If however we’re in a position where we are fundamentally unhappy with our situation and environment, we are able to easily start a change process but this still needs effort to see things through.

They say that to successfully make something a new habit you have to do it at least 27 times.

This is particularly hard where we’re having to change deeply embedded habits and for those of us currently struggling with January resolutions take heart that today is only the 13th, so you’ve still got 14 days to go to get to the 27th!

On the other hand what do we do if the required ‘dissatisfaction with the status quo’ doesn’t exit or isn’t easily recognised?

The first part of this is to accept that you have to actually go looking for it.

At a personal level, if through reflection, we can properly understand our motivations and behaviours, we can objectively assess whether we’re actually going to be committed enough to seeing our resolutions through.

If reflection identifies that we are only half hearted about it or secretly give ourselves a ‘get out of jail free’ card, then we can spot this and know what to expect and be able to put in place mitigations and controls to see us through the difficult times.

Reflection might also show us where our ambition isn’t realistic without major commitment of resources, effort and time that we simply haven’t got, so we need to be honest with ourselves and adjust our plans accordingly.

This is important, as every time we fall off the wagon or not achieve what we set out to achieve we can too easily allow ourselves to feel a sense of failure and shame.

This is often because we attempt too big a change too quickly, instead of planning a series of sustainable but obtainable incremental steps and gains.

If setting over ambitious targets becomes the norm, it can quickly lead to increased stress or introduce a sense of self belief were we can only see ourselves as likely to fail, as that is what our outcomes tend to reinforce.

We know we don’t like this feeling, so, unchecked we can end up never actually trying new things, as this protects us from having to confirm to ourselves that we might fail again, reinforcing that we’re not going to succeed, so therefore were never good enough in the first place.

This thinking is toxic and where reflection and CBT principles are useful to helping us reframe our perspectives and avoid falling down this particular ‘shame rabbit hole’.

At an organisational level on the other hand, if we identify that the majority of the workforce are actually reasonably comfortable with their environment, even if dissatisfied with particular issues, we know that without real and concerted effort, any introduced change is unlikely to succeed or be sustained, as at the first opportunity everyone will go back to the old ways of working, which can be a very expensive and disruptive lesson for any business or manager to learn.

This is where, if we identify that at the coal face there is no ‘dissatisfaction with the status quo’, we have to be prepared to act and introduce it, in order for our aims and objectives to be achieved.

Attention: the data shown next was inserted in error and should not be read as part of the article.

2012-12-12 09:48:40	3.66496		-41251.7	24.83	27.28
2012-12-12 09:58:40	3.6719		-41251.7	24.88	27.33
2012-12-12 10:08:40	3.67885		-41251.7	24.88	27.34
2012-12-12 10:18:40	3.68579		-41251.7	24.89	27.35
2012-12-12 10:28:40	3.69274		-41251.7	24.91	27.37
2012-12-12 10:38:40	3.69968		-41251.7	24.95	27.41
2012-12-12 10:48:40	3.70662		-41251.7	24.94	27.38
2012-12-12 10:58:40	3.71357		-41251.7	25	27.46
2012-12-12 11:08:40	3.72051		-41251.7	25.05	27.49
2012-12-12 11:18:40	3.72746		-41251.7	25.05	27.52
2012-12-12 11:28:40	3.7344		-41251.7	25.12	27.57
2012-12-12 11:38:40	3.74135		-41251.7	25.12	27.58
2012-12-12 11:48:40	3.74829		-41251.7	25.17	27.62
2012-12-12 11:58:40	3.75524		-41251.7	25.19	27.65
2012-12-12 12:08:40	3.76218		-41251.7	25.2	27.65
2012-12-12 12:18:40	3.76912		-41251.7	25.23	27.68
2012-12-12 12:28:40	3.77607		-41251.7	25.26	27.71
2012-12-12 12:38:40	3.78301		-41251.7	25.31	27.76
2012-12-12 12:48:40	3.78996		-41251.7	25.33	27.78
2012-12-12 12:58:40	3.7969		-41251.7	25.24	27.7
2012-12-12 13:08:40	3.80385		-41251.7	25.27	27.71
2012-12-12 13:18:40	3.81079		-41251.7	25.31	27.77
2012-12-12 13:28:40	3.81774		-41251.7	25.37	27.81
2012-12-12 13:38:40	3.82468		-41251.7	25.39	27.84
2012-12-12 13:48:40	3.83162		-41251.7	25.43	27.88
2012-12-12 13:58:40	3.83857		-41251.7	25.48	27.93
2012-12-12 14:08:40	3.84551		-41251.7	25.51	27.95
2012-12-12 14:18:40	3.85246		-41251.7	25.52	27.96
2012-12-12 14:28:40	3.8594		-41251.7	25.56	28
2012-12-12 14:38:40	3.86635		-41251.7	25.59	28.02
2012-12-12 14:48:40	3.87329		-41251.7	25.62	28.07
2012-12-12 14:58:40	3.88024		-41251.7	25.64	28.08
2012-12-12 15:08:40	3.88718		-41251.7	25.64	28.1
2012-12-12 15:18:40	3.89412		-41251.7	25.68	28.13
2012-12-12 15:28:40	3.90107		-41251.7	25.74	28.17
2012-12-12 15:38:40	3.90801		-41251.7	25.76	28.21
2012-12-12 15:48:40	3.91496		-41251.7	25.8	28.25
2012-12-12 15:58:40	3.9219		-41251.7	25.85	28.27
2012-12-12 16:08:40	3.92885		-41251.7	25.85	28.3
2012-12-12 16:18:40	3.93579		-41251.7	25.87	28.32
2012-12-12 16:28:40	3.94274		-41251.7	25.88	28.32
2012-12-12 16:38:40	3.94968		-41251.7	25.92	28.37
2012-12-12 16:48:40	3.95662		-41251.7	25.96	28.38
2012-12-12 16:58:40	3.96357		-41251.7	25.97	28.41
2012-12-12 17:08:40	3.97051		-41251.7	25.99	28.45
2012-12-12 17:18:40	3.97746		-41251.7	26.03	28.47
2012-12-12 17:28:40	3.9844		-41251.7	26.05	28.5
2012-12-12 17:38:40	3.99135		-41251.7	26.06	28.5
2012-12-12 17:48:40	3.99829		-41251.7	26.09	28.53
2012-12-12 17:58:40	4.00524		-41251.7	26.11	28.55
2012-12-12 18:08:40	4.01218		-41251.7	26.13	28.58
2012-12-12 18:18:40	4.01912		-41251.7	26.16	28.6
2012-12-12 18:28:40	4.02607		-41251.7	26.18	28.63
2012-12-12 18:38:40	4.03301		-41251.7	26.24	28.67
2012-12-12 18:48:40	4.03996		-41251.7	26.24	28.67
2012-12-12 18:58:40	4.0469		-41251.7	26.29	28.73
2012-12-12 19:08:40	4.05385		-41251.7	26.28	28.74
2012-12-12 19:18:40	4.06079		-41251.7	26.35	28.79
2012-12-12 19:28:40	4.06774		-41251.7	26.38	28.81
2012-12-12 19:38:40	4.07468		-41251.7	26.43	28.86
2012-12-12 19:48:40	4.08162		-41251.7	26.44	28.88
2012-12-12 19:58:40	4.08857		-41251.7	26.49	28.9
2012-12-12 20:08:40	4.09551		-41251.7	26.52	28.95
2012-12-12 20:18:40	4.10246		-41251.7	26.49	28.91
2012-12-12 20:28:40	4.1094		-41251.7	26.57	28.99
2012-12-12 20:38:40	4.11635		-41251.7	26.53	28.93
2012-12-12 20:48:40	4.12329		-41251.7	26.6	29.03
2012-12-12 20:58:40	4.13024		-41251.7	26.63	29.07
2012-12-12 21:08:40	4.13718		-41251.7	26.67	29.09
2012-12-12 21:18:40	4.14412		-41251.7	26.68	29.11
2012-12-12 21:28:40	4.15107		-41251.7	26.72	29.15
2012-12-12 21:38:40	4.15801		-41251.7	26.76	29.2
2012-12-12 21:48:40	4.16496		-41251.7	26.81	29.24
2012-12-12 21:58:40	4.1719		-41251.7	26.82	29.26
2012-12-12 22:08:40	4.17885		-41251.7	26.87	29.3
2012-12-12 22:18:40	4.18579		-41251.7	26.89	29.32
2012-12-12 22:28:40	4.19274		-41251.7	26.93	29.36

This isn’t about being Machiavellian or under hand, as coercion and being non transparent will only destroy trust and create real disengagement.

What we have to do here is provide our peers and staff the opportunity to explore and experiment and to come to their own recognition that there might actually be a better way of doing things, allowing them to recognise that they have a say in shaping what the required change is, as it’s their environment.

If they ‘own’ the change it’s far more likely to be successful and you never know, they might just surprise you and come up with far better ideas than you or your advisers ever could in isolation.

If you’re a regular reflector this shouldn’t be a surprise to you, but if new to this or just starting out, you might find this aspect challenging as you begin to realise that having a plan in your head is very different to being able to lead change through empowerment and engagement.

What reflection gives you is the ability to look at a challenge strategically, to honestly admit where we don’t have the skills and experience ourselves and that we need to trust others and create environments where we achieve success by utilising the collective skills that are available.

This means becoming comfortable with our shortcomings, which is central to becoming an authentic leader.

So that’s it for this week. If you’re struggling with your resolutions try getting out your reflection journal, get on the balcony and under the skin about why you’re falling off the wagon.

If you’re leading a corporate change and you’re not using a reflection approach, now really is the time to start, as your success is directly linked to your ability to think strategically and recognise how your behaviour dictates the outcomes you deliver.

If you have found this useful please consider giving feedback, as that’s the only way I’m able to know where I need to develop and improve.

Next editions will go further into self awareness and introduce some thinking on emotional intelligence (EQ).

Thanks for joining and good luck in your journey